- What is paroxetine, and how does it work (mechanism of action)?
- What brand names are available for paroxetine?
- Is paroxetine available as a generic drug?
- Do I need a prescription for paroxetine?
- What are the side effects of paroxetine?
- What is the dosage for paroxetine?
- Which drugs or supplements interact with paroxetine?
- Is paroxetine safe to take if I'm pregnant or breastfeeding?
- What else should I know about paroxetine?
What is the dosage for paroxetine?
The recommended dose is 20-60 mg daily of immediate release tablets or 12.5-75 mg daily using controlled release tablets. Paroxetine is given as a single daily dose, usually in the morning. As with all anti-depressants, the full effect may not occur until after a few weeks of therapy.
Doses for obsessive-compulsive disorders and panic disorders are often higher than those for depression. Doses often are adjusted to find the optimal dose.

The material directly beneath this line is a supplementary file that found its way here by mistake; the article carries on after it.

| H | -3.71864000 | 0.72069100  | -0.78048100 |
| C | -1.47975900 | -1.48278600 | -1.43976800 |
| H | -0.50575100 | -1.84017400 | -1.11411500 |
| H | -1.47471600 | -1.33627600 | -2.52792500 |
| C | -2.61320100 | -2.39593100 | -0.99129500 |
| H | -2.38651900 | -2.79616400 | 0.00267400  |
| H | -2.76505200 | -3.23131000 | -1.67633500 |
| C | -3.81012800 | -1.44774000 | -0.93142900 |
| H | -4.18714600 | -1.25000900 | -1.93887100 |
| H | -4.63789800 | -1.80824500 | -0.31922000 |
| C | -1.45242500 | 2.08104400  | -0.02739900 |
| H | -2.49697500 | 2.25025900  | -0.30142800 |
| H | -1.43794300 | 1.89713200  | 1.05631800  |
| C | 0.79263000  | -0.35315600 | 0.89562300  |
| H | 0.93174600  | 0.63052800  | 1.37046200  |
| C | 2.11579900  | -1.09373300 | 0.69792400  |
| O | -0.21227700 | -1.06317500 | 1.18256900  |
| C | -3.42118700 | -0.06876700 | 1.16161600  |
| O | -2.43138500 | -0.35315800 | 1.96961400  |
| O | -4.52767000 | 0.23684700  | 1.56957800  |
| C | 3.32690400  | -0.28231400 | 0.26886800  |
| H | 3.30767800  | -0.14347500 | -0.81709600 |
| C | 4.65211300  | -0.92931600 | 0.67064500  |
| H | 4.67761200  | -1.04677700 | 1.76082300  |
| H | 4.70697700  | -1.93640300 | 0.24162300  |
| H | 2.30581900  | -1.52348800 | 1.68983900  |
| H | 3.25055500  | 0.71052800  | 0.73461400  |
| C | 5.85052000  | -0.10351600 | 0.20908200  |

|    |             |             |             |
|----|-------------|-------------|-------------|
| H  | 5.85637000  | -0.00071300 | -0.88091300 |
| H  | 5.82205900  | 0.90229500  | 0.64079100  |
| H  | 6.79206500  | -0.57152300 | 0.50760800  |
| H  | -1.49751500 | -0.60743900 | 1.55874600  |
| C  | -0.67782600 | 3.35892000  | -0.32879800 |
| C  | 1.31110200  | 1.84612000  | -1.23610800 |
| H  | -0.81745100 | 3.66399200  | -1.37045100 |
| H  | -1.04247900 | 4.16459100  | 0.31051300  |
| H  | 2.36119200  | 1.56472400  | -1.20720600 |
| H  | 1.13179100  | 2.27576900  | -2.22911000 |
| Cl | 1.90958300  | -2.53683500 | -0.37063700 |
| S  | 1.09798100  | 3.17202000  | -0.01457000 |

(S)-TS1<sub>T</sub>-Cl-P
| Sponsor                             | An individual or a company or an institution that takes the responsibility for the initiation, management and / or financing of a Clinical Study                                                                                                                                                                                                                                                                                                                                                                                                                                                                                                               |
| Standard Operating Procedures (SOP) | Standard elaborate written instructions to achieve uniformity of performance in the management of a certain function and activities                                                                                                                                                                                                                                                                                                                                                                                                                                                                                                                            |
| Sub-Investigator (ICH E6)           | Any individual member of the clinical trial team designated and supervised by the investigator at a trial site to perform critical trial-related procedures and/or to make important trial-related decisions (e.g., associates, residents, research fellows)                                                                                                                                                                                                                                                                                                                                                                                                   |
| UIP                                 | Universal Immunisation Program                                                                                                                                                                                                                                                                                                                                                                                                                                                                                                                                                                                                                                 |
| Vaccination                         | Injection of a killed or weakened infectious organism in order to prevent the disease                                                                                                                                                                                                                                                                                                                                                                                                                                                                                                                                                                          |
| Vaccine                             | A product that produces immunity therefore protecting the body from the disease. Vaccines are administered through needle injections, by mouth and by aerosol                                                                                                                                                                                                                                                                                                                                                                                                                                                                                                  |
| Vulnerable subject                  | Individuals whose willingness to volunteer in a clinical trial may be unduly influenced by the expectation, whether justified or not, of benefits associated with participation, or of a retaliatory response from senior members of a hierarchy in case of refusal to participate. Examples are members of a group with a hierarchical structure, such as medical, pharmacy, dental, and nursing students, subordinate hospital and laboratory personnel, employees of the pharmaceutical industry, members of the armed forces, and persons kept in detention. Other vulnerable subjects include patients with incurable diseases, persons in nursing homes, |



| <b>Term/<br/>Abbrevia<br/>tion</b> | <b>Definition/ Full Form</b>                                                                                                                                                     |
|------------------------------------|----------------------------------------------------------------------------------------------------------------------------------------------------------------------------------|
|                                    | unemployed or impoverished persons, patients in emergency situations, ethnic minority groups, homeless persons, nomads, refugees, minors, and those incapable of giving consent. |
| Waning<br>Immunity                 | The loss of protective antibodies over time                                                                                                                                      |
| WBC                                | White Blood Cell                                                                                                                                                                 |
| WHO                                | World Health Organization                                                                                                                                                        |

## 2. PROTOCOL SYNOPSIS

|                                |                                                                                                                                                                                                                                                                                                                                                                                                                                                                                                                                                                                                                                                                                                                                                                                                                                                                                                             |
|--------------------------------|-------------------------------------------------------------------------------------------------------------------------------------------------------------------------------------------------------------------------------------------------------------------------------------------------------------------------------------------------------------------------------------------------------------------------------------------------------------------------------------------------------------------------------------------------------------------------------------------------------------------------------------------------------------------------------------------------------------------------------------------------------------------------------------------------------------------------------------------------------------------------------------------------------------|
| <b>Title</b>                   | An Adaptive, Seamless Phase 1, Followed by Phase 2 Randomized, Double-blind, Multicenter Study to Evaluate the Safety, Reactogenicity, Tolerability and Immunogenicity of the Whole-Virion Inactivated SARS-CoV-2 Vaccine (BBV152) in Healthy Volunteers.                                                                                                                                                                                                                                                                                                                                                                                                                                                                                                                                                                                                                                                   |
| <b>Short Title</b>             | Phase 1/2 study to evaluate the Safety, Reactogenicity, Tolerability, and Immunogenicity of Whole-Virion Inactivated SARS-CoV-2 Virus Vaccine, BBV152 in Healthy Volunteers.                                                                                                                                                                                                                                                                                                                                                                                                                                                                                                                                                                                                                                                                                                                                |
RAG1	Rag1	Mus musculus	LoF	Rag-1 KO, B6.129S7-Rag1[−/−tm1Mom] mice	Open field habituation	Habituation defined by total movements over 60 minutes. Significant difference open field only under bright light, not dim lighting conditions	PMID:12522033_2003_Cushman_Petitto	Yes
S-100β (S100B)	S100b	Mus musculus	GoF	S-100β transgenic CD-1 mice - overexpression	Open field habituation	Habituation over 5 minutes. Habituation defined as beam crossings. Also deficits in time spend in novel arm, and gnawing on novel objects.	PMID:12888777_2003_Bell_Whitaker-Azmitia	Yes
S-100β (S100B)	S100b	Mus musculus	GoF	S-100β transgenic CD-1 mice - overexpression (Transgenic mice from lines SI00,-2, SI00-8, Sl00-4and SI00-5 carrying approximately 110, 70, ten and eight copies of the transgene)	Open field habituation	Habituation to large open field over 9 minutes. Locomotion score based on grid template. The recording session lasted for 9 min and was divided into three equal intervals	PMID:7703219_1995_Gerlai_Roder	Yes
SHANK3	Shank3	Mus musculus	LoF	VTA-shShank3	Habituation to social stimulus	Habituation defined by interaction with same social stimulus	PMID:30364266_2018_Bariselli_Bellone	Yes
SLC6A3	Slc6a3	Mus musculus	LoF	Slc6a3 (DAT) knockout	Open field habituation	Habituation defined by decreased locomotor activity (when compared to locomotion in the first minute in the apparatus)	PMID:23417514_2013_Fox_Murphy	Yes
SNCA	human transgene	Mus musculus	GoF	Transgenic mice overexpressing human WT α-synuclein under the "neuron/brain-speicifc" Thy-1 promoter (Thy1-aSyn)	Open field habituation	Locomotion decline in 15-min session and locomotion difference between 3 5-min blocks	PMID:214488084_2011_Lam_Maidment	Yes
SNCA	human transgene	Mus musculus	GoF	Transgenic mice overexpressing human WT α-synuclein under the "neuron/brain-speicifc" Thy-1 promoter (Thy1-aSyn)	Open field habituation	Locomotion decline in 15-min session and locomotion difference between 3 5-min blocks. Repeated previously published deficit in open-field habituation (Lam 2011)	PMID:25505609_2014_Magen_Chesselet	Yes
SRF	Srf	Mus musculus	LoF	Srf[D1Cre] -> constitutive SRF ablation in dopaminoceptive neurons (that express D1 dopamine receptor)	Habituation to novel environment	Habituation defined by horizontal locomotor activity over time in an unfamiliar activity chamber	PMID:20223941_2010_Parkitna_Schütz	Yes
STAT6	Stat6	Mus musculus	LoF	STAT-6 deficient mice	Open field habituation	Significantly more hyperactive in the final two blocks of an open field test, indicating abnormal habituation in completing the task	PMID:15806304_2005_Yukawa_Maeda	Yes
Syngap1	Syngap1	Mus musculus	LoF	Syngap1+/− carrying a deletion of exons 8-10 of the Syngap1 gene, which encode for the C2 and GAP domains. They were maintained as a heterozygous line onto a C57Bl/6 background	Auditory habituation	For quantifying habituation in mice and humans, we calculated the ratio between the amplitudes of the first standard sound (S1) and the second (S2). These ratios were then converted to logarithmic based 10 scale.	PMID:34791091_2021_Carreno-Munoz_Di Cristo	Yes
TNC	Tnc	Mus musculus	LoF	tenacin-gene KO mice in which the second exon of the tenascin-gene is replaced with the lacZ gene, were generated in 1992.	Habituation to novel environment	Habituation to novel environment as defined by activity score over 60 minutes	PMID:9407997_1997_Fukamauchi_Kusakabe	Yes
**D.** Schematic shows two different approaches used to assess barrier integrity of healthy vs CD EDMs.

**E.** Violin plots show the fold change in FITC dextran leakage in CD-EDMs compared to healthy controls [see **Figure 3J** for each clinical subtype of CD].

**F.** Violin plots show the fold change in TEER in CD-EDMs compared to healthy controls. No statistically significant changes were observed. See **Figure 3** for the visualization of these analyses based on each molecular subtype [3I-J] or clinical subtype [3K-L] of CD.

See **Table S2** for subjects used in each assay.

Elderly patients, debilitated persons, and patients with certain kidney or liver diseases may need lower doses because they metabolize and eliminate paroxetine more slowly and, therefore, are prone to develop high blood levels and toxicity.
Which drugs or supplements interact with paroxetine?
All SSRIs, including paroxetine, should not be taken with any of the monoamine oxidase inhibitor (MAOI) class of antidepressants, for example, isocarboxazid (Marplan), phenelzine (Nardil), tranylcypromine (Parnate), selegiline (Eldepryl, Carbex), and procarbazine (Matulane) or other drugs that inhibit monoamine oxidase such as linezolid (Zyvox) and intravenous methylene blue.
Such combinations may lead to confusion, high blood pressure, tremor, hyperactivity, coma, and death. (A period of 14 days without treatment should lapse when switching between paroxetine and MAOIs.) Similar reactions occur when paroxetine is combined with other drugs for example, tryptophan, St. John's wort, meperidine (Demerol), tramadol (Ultram) that increase serotonin in the brain.
Paroxetine may increase the effect of the blood thinner, warfarin (Coumadin), leading to excessive bleeding. Therefore, warfarin therapy should be monitored more frequently in patients who are also taking paroxetine. Combining SSRIs such as paroxetine with aspirin, nonsteroidal anti-inflammatory drugs or other drugs that affect bleeding may increase the likelihood of upper gastrointestinal bleeding. Phenytoin (Dilantin) and phenobarbital may decrease the amount of paroxetine in the body and possibly reduce its effectiveness.
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